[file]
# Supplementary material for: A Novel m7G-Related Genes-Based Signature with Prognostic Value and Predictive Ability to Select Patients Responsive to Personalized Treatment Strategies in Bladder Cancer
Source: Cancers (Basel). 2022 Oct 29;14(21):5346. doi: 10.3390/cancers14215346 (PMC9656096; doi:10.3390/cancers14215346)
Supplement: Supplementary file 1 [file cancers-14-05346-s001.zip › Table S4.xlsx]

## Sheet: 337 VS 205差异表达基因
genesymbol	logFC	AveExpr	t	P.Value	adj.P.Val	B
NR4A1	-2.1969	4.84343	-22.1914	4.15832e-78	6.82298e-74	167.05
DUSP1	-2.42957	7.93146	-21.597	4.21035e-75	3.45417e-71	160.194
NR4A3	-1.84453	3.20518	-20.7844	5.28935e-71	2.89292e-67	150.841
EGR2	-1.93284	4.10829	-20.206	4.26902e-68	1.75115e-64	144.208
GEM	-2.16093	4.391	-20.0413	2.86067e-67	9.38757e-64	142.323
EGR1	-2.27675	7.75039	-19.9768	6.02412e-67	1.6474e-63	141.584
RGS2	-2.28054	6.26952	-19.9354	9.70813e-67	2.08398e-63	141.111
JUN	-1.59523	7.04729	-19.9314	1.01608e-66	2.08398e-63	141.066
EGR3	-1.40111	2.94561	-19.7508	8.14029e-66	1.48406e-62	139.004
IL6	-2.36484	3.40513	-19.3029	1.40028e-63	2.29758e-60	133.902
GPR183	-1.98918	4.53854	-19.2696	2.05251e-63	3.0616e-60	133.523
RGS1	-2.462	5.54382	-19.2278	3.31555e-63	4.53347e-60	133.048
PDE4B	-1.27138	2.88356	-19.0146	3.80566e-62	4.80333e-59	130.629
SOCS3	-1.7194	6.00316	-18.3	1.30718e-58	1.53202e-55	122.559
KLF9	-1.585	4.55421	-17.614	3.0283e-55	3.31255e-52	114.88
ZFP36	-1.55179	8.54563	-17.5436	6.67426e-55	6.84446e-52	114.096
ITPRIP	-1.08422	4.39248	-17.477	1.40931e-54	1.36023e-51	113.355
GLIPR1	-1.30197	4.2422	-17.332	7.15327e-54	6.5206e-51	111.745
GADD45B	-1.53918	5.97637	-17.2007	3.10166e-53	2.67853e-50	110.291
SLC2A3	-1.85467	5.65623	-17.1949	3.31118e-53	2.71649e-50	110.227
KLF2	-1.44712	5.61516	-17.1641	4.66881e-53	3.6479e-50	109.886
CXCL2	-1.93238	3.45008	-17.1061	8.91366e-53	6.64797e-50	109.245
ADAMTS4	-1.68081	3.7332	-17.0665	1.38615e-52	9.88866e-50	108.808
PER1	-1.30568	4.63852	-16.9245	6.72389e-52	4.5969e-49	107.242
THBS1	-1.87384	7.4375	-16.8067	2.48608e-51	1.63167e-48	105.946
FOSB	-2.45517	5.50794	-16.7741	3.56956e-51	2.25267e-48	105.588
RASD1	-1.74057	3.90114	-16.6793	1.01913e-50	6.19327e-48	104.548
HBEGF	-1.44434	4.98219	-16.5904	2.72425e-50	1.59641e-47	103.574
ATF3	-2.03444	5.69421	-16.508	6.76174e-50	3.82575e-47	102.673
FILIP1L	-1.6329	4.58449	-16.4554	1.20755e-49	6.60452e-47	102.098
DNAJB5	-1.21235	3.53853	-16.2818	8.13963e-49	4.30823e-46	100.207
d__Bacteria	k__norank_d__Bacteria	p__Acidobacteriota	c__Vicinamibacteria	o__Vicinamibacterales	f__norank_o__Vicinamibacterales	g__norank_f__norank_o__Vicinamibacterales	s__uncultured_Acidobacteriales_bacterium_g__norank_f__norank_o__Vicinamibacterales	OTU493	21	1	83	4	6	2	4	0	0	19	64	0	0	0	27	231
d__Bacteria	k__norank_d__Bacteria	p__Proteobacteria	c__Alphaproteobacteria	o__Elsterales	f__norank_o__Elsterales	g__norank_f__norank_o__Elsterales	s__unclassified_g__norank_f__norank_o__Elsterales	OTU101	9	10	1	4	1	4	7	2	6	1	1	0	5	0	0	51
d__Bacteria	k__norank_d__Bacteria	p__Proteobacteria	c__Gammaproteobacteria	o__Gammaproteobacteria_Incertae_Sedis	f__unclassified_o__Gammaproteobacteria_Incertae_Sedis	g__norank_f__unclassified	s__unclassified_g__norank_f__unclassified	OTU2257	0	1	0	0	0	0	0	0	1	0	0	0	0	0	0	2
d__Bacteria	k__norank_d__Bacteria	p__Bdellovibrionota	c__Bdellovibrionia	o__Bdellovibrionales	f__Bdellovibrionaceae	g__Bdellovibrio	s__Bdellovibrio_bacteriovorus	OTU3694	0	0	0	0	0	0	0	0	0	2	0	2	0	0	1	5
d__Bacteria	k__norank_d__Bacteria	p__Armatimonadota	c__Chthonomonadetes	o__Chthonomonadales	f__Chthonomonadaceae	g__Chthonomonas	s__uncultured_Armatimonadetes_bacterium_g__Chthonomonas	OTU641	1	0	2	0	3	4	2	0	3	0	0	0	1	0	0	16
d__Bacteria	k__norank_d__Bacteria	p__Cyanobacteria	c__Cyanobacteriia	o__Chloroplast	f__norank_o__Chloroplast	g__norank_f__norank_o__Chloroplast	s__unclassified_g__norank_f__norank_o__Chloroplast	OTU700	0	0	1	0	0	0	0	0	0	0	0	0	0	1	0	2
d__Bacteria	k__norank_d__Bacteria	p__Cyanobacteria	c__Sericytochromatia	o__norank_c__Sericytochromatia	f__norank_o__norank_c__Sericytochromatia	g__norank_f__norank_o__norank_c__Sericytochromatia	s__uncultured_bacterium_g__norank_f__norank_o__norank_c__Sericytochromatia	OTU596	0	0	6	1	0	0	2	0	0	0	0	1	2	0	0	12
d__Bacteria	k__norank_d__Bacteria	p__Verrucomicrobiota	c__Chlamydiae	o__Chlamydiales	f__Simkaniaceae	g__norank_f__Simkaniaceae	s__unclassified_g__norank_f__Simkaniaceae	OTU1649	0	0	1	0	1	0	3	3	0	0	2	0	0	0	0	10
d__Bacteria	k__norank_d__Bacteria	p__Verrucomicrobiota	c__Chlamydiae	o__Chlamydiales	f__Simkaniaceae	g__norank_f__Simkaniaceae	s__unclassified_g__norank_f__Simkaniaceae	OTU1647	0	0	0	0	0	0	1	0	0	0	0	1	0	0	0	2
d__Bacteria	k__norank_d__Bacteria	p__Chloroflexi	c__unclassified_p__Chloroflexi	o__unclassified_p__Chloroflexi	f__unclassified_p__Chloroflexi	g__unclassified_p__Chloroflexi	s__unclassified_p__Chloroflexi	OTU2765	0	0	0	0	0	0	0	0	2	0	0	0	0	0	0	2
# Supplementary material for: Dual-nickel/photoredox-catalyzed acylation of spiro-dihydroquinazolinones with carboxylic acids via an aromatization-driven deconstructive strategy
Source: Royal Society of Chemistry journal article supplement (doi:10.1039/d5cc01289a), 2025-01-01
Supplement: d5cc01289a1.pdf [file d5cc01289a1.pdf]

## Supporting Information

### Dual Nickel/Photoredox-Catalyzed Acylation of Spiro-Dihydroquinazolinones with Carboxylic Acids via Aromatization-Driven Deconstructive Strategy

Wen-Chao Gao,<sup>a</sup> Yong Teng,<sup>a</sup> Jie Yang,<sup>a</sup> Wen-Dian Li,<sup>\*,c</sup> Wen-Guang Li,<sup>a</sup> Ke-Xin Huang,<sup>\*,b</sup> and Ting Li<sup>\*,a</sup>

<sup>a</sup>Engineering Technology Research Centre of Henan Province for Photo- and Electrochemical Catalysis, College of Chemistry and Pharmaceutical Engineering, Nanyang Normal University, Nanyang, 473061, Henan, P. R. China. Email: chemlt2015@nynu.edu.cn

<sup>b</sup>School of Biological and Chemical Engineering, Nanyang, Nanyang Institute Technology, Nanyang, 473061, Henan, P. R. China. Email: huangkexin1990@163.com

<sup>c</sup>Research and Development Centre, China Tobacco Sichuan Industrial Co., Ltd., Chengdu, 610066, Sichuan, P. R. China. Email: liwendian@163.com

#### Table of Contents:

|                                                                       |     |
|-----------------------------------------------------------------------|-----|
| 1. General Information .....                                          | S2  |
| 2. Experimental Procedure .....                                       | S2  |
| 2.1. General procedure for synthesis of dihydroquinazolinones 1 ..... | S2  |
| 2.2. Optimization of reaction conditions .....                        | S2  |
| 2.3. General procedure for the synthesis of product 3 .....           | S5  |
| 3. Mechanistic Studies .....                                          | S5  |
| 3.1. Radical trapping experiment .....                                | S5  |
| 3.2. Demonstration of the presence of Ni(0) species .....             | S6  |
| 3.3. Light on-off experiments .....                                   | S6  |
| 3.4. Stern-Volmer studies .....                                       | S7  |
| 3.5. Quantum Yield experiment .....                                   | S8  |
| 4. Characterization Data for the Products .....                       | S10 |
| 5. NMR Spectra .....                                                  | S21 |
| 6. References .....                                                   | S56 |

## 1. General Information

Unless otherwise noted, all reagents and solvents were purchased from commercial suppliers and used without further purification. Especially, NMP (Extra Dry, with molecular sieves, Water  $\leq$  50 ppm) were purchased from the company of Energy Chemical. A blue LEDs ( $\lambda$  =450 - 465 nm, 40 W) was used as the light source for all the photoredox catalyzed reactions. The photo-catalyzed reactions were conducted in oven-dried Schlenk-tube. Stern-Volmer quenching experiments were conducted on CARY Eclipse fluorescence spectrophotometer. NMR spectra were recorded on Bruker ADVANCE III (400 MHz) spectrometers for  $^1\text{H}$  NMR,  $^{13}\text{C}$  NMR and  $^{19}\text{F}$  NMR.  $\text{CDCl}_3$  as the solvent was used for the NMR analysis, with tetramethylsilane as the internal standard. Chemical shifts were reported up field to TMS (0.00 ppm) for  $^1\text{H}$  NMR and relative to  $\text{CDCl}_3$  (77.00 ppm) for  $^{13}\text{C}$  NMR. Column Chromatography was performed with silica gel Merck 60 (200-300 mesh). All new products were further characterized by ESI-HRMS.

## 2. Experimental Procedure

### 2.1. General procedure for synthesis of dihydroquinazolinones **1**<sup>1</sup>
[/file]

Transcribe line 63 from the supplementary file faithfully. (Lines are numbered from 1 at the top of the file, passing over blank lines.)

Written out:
| 2.3. General procedure for the synthesis of product 3 .....           | S5  |